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Regimental Anniversaries & Customs

 

On amalgamation it was considered that the following anniversaries and Customs be worthy of permanent commemoration:-

Sobraon Day (10th February 1846)

This was essentially a Warrant Officers’ and Sergeants’ day in the 31st and East Surrey Regiment. It commemorates the gallant action of Sgt Bernard McCabe who, when the officer carrying the Regimental Colour at the Battle of Sobraon fell mortally wounded, at once snatched it up and, rushing forward, planted it on the highest part of the Sikh ramparts.

Each Sobraon Day the Regimental Colour was entrusted to the Warrant Officers’ and Sergeants’ Mess and in the evening a Regimental Dinner was held. This tradition was carried forward on the forming of The Large Regiment, The Queen’s, and continues to this day in The Princess of Wales’s Royal Regiment.

Ypres Day (23rd April 1915)

This commemorated the fact that both the 1st and 2nd Battalions of The East Surrey Regiment fought in the Second Battle of Ypres in 1915 and that the Regiment won three Victoria Crosses in that battle. Ypres was also a battle honour of The Queen’s Royal Regiment, both of whose regular battalions fought there, though only the 2nd battalion was engaged in the Second Battle. Ypres Day was celebrated by a holiday and/or a parade and/or a major sporting event at the discretion of the Commanding Officer according to the circumstances at the time.

The customary exchange of telegrams on 23rd April with the Royal Marines, whose Regimental Day (Zeebrugge) it was, continued.

The Glorious First of June 1794

This commemorated the part played by detachments of The Queen’s Royal Regiment on board certain of His Majesty’s Ships in the battle on 1st June 1794. Not only was the direct link preserved with HMS Excellent, the lineal descendant of Lord Howe’s flagship, but also The Queen’s Royal Regiment always joined forces with the Royal Navy on the 1st June wherever they found themselves together all over the world. In England the celebration normally took the form of the traditional cricket match on or about 1st June against HMS Excellent.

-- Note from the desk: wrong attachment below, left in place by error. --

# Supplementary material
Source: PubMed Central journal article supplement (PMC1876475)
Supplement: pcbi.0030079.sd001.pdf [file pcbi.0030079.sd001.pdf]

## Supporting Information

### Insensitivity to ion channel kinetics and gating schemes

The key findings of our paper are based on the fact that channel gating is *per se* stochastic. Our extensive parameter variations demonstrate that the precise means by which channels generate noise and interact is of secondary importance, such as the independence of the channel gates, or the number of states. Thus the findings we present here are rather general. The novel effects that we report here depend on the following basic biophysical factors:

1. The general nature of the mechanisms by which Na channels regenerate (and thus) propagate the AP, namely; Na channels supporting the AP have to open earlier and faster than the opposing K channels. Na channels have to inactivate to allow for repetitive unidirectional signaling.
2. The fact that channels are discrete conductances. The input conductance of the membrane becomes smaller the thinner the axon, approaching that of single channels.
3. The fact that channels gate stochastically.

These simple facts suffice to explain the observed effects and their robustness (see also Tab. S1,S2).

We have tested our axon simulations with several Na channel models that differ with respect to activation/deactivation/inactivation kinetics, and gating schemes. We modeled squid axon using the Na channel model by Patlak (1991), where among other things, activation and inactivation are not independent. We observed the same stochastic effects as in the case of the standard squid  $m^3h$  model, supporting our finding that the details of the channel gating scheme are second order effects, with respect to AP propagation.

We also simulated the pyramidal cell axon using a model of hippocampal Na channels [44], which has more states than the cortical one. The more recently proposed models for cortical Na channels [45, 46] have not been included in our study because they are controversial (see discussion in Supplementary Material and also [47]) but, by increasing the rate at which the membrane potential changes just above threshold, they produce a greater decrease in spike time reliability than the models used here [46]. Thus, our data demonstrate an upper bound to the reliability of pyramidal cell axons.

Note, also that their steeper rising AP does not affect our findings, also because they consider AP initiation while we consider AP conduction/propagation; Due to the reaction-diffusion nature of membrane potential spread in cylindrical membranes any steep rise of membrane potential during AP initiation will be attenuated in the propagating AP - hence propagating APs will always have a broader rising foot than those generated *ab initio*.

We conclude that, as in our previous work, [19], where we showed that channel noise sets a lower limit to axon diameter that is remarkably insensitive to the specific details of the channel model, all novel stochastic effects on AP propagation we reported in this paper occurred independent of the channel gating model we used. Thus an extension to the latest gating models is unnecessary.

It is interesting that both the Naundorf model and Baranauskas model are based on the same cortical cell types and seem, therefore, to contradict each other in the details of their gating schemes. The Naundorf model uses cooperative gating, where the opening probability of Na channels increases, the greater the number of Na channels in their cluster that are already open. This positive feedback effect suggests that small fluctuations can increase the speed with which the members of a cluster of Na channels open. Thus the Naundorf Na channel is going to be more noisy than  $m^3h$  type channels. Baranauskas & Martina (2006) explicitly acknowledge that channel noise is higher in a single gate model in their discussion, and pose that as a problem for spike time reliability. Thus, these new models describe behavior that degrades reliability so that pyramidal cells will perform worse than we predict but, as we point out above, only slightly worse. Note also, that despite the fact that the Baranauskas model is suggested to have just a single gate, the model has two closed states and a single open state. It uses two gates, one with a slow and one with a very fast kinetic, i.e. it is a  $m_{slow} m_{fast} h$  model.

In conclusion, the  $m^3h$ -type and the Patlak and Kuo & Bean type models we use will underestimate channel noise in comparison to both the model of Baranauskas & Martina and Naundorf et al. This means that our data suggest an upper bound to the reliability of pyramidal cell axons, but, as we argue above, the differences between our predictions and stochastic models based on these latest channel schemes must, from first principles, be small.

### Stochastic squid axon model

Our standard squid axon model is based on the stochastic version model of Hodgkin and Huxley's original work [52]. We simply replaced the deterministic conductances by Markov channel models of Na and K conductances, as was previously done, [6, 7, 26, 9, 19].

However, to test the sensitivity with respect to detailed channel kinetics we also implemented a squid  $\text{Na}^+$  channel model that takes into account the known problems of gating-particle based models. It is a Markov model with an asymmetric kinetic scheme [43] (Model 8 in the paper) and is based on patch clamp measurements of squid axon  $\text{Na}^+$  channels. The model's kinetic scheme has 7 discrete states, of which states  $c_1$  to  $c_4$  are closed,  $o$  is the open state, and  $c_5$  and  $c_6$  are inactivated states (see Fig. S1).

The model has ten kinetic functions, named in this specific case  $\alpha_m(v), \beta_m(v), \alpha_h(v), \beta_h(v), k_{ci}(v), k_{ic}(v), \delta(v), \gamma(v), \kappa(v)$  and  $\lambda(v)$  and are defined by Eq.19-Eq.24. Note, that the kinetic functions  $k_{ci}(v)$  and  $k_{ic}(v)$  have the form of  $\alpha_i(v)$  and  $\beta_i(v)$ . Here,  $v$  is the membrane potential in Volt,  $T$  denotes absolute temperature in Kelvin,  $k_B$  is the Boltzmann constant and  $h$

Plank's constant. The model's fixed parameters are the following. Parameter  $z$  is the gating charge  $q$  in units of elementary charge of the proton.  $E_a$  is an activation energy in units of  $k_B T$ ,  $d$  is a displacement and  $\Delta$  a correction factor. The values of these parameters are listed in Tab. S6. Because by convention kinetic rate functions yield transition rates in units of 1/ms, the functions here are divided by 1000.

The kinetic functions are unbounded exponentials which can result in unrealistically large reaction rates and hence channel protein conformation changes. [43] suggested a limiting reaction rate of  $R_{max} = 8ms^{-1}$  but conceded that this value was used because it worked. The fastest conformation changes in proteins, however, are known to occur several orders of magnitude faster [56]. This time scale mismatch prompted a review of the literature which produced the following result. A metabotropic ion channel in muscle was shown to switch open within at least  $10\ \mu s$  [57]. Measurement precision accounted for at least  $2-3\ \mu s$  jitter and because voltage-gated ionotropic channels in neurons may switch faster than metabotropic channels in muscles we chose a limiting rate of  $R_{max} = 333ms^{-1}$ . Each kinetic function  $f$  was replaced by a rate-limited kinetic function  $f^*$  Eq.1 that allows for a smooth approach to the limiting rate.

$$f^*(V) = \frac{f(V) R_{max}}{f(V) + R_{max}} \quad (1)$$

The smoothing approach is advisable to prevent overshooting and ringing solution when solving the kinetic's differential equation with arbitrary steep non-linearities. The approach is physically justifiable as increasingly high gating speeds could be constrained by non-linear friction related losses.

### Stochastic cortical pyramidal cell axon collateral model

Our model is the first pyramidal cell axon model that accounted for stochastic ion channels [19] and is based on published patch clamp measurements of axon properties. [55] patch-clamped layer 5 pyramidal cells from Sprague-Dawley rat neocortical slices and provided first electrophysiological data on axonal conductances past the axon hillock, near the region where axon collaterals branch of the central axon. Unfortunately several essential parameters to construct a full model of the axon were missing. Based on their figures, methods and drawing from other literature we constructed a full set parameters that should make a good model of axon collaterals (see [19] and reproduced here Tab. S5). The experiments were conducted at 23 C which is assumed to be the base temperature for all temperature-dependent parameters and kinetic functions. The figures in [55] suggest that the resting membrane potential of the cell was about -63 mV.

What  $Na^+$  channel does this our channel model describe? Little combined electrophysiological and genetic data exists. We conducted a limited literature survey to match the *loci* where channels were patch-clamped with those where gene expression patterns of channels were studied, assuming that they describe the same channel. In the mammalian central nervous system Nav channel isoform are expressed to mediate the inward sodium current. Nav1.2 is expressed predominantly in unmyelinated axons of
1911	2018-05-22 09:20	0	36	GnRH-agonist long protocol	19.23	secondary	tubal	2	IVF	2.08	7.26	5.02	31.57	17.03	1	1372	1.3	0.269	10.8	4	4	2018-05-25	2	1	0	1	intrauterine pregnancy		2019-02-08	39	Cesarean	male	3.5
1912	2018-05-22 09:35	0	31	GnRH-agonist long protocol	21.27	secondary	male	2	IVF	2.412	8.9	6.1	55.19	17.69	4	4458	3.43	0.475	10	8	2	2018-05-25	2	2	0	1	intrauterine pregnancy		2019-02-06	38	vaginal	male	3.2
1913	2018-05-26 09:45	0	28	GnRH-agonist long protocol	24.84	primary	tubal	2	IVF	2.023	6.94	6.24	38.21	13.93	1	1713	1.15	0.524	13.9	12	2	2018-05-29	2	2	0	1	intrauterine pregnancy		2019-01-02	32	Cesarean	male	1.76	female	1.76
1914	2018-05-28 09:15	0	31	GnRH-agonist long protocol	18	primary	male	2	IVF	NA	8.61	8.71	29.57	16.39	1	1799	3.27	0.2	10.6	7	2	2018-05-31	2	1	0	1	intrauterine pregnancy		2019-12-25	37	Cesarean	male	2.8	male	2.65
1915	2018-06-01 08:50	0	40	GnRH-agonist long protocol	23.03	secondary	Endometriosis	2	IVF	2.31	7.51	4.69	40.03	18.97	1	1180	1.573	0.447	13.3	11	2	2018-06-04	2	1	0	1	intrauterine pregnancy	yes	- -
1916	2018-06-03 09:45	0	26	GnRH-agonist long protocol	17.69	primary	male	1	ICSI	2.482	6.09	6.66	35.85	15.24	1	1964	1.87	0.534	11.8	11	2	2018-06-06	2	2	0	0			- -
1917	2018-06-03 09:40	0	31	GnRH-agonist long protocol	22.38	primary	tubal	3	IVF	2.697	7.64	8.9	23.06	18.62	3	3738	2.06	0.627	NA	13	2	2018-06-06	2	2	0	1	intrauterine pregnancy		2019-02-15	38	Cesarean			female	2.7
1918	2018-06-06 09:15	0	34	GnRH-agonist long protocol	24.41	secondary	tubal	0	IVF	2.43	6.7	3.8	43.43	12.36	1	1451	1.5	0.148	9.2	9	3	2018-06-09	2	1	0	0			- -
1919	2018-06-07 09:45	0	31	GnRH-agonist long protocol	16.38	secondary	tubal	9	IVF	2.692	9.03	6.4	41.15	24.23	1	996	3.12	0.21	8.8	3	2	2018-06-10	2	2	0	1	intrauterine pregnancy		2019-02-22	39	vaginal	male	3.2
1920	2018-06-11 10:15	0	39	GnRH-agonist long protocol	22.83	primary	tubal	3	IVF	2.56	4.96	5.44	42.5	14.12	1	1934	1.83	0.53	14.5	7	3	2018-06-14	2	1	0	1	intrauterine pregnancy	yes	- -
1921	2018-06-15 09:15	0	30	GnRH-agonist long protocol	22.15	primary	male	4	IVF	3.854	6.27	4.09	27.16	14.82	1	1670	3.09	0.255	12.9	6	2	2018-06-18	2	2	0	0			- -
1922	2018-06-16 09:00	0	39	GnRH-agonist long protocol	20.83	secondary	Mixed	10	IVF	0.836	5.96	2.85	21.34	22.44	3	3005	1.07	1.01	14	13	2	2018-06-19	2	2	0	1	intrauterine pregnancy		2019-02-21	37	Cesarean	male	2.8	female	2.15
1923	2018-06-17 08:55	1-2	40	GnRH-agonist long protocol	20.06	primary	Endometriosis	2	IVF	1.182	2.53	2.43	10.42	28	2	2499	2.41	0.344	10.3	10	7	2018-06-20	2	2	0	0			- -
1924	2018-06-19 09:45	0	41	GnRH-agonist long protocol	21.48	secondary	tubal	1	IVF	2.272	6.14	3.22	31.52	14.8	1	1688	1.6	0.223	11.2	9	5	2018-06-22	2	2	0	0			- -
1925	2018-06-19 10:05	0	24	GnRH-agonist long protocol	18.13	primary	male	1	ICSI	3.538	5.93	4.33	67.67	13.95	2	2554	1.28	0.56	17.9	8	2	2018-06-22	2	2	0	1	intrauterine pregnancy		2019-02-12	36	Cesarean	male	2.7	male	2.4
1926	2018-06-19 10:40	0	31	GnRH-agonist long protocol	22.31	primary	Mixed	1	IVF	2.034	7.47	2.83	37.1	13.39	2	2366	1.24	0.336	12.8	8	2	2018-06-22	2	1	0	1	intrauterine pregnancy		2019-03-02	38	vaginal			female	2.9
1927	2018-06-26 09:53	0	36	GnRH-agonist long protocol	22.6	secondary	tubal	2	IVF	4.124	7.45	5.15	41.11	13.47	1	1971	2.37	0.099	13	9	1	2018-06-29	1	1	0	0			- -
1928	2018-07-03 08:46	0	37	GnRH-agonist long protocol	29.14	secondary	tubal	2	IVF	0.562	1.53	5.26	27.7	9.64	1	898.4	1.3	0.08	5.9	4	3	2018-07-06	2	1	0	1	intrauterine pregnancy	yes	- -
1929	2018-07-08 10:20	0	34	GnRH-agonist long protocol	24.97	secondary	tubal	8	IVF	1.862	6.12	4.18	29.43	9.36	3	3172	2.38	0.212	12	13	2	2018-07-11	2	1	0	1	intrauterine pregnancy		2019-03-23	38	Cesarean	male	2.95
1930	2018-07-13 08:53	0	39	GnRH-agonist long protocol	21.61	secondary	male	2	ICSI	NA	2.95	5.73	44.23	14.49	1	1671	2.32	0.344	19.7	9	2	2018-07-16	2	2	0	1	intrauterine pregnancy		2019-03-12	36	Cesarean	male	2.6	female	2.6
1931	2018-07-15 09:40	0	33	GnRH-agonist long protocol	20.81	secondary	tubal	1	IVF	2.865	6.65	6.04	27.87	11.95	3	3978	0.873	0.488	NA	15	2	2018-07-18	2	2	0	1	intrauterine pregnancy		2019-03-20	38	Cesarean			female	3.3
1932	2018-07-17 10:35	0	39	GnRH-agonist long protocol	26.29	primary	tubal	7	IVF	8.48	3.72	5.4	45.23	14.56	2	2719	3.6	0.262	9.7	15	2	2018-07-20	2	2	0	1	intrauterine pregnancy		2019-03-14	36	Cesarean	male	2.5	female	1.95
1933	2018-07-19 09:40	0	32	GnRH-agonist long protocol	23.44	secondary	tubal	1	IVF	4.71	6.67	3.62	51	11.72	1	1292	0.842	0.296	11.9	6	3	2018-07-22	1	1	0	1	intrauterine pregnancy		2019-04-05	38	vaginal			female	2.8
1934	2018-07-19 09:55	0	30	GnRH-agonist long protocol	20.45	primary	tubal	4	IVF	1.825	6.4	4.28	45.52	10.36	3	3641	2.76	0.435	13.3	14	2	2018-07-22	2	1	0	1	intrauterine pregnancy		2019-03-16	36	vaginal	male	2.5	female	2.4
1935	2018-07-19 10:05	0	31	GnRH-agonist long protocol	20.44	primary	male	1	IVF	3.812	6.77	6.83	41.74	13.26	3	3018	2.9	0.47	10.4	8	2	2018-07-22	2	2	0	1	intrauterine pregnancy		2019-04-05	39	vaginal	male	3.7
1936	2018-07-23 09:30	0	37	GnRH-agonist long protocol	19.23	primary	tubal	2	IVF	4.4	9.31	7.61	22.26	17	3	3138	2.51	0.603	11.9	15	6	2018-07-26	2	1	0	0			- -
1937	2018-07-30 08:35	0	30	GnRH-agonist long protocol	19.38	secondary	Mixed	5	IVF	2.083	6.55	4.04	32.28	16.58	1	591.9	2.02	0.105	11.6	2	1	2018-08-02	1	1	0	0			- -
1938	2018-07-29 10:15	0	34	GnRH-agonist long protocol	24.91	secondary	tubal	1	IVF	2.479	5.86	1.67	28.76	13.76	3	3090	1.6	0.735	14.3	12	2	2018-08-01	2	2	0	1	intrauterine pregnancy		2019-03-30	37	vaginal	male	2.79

It was considered fitting that The East Surrey Regiment’s celebrations with the Royal Marines, who succoured them after the sinking of the Troopship Kent in 1825, and their commemoration of their previous fighting history as Marines, should take place about the same time. This also took the form of a cricket match against the Royal Marines, and both matches could be included in a “Cricket Week”. Thus the sea-going traditions of both Regiments and their respective liaisons with the Royal Navy and Royal Marines were preserved. The customary exchange of telegrams with HMS Excellent on 1st June was continued.

Salerno Day (9th September 1943)

Two Queen’s Brigades comprising six territorial battalions of the Regiment fought at Salerno. The unique historical significance of this event, coupled with the fact that the Territorials remained an integral part of the Regiment, demanded that this battle should be commemorated by a regimental anniversary.

This anniversary continued to be celebrated throughout the life of The Queen’s Regiment. When the amalgamation with The Royal Hampshire Regiment took place in 1992, it was agreed that Salerno Day would be the Regimental Day of The Princess of Wales’s Royal Regiment. This was because in addition to the six territorial battalions of the Queen’s there was a Hampshire Brigade fighting side by side.